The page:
Diamond’s super-tightly bonded pattern of carbon atoms provides a host of extreme and strange properties that photonics researchers have sought to exploit for many decades. But there was a problem: the natural and synthetic forms did not come in the quality and size required.
Our research into the new synthetic forms of diamond has revealed this is no longer the case and that this most ancient substance is a highly promising optical material of the future.
The key advance came when we recognised that high-grade synthetic diamond could make excellent lasers. Its unrivaled capacity for conducting away heat and optical transparency enables very powerful lasers to operate in notorious “holes” in the optical spectrum where there is demand for new sources. In the period of only a few years, we have shown that diamond is one of the most versatile laser materials available. More-precise clocks, advanced surgical procedures and emerging challenges in defence and security are some of the areas to benefit from these advances.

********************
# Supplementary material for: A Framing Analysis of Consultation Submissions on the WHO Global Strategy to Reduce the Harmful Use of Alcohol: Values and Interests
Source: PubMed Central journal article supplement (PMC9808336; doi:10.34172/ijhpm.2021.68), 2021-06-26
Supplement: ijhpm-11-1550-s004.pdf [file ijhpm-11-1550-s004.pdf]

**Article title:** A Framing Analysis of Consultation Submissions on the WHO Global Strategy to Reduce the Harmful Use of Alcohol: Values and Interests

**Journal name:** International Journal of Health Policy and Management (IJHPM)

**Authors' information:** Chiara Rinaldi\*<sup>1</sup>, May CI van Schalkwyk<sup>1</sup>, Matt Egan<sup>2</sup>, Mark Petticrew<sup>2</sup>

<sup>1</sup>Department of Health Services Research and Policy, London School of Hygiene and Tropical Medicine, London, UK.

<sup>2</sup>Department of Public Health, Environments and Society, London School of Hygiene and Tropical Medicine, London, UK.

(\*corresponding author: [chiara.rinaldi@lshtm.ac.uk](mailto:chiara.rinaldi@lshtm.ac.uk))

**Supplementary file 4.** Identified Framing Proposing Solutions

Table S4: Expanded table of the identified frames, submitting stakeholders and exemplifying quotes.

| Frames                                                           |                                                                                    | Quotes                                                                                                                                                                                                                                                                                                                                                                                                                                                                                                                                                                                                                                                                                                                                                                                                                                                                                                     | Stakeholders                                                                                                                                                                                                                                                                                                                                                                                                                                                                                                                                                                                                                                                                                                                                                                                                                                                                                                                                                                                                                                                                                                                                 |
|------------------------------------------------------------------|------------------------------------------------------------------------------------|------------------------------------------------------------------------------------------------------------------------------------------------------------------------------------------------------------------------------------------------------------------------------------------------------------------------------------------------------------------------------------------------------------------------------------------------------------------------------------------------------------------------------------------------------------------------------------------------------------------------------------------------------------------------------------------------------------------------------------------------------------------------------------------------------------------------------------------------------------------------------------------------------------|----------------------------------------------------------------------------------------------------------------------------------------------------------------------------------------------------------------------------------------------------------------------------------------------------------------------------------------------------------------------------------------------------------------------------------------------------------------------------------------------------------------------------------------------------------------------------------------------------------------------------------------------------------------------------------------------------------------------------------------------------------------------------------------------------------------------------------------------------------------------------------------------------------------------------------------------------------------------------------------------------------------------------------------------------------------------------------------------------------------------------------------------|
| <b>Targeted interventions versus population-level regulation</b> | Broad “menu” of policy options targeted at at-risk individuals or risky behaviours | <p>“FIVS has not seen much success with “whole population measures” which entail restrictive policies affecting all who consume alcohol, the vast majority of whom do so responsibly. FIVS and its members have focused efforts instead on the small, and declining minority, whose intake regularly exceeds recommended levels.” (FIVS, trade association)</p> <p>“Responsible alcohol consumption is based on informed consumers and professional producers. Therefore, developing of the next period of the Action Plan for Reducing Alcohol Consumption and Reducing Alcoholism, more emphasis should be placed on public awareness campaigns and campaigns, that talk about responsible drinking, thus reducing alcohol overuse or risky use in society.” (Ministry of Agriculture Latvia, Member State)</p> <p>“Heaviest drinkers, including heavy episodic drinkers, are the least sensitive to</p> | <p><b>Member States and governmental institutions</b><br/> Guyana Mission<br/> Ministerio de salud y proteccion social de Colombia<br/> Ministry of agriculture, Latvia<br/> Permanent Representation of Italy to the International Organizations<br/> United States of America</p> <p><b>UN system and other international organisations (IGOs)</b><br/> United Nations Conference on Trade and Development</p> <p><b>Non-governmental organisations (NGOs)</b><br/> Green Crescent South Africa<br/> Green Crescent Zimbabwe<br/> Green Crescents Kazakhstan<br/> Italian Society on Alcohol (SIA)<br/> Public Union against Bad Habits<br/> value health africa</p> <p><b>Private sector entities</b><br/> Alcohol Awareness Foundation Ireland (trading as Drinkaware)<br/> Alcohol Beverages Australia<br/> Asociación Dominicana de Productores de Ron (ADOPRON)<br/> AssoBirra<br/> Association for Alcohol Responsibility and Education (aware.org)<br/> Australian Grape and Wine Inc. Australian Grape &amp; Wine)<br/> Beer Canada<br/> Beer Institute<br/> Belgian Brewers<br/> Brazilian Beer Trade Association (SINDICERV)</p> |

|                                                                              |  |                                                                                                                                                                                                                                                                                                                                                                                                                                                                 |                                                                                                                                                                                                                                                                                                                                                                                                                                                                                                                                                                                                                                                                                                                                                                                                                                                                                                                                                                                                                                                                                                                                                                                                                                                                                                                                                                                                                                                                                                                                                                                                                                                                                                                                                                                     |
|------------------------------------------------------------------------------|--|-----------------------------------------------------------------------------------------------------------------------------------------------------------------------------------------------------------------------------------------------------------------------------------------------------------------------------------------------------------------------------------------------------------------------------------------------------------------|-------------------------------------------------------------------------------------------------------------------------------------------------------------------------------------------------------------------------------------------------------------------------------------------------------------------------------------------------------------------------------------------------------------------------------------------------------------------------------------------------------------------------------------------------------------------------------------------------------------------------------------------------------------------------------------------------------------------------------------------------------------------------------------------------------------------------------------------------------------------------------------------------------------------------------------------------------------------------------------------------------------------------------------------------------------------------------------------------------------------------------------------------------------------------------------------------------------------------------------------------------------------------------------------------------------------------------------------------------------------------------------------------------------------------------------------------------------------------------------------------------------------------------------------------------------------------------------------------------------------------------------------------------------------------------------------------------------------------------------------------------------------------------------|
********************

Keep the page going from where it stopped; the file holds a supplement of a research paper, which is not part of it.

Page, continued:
Despite the intense scientific and popular interest in it over the centuries, diamond has also evidently carried with it surprising secrets. We have observed that intense light can dislodge carbon atoms from the surface one at a time, a phenomenon not seen in any other material. This opens up new possibilities for nanofabrication that can be used in many areas of technology as well as photonics.
Diamond’s extraordinary properties are already providing us with massive leaps in optical device performance. In partnership with commercial and government organisations, we are working to exploit these advantages to solve real world challenges. With the work only in its early stages it is likely that we have only just scratched the surface.